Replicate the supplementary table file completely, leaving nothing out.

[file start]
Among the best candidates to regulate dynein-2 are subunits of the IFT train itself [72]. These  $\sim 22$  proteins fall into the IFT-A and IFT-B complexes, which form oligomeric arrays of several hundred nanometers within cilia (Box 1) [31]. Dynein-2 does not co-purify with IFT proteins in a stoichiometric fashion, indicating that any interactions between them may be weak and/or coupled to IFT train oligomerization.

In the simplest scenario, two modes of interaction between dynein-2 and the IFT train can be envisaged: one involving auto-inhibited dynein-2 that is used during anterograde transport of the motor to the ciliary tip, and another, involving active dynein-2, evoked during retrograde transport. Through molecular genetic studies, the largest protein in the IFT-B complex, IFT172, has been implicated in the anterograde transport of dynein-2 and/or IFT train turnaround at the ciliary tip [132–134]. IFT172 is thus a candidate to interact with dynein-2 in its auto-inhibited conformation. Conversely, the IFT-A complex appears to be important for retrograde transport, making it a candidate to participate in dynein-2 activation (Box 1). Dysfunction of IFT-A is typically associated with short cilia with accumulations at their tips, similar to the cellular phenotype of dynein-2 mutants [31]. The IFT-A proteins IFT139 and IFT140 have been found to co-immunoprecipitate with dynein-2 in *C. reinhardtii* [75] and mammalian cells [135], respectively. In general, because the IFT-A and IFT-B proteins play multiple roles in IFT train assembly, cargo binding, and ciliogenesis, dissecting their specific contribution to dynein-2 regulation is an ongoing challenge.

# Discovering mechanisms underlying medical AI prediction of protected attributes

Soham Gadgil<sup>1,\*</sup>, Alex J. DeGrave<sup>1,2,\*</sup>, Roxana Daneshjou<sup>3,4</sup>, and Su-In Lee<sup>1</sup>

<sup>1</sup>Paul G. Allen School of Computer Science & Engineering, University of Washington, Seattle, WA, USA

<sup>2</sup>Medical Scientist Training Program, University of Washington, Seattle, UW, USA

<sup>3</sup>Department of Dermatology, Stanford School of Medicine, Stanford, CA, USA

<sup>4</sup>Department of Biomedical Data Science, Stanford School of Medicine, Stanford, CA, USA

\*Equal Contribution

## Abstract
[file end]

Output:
Among the best candidates to regulate dynein-2 are subunits of the IFT train itself [72]. These  $\sim 22$  proteins fall into the IFT-A and IFT-B complexes, which form oligomeric arrays of several hundred nanometers within cilia (Box 1) [31]. Dynein-2 does not co-purify with IFT proteins in a stoichiometric fashion, indicating that any interactions between them may be weak and/or coupled to IFT train oligomerization.

In the simplest scenario, two modes of interaction between dynein-2 and the IFT train can be envisaged: one involving auto-inhibited dynein-2 that is used during anterograde transport of the motor to the ciliary tip, and another, involving active dynein-2, evoked during retrograde transport. Through molecular genetic studies, the largest protein in the IFT-B complex, IFT172, has been implicated in the anterograde transport of dynein-2 and/or IFT train turnaround at the ciliary tip [132–134]. IFT172 is thus a candidate to interact with dynein-2 in its auto-inhibited conformation. Conversely, the IFT-A complex appears to be important for retrograde transport, making it a candidate to participate in dynein-2 activation (Box 1). Dysfunction of IFT-A is typically associated with short cilia with accumulations at their tips, similar to the cellular phenotype of dynein-2 mutants [31]. The IFT-A proteins IFT139 and IFT140 have been found to co-immunoprecipitate with dynein-2 in *C. reinhardtii* [75] and mammalian cells [135], respectively. In general, because the IFT-A and IFT-B proteins play multiple roles in IFT train assembly, cargo binding, and ciliogenesis, dissecting their specific contribution to dynein-2 regulation is an ongoing challenge.

# Discovering mechanisms underlying medical AI prediction of protected attributes

Soham Gadgil<sup>1,\*</sup>, Alex J. DeGrave<sup>1,2,\*</sup>, Roxana Daneshjou<sup>3,4</sup>, and Su-In Lee<sup>1</sup>

<sup>1</sup>Paul G. Allen School of Computer Science & Engineering, University of Washington, Seattle, WA, USA

<sup>2</sup>Medical Scientist Training Program, University of Washington, Seattle, UW, USA

<sup>3</sup>Department of Dermatology, Stanford School of Medicine, Stanford, CA, USA

<sup>4</sup>Department of Biomedical Data Science, Stanford School of Medicine, Stanford, CA, USA

\*Equal Contribution

## Abstract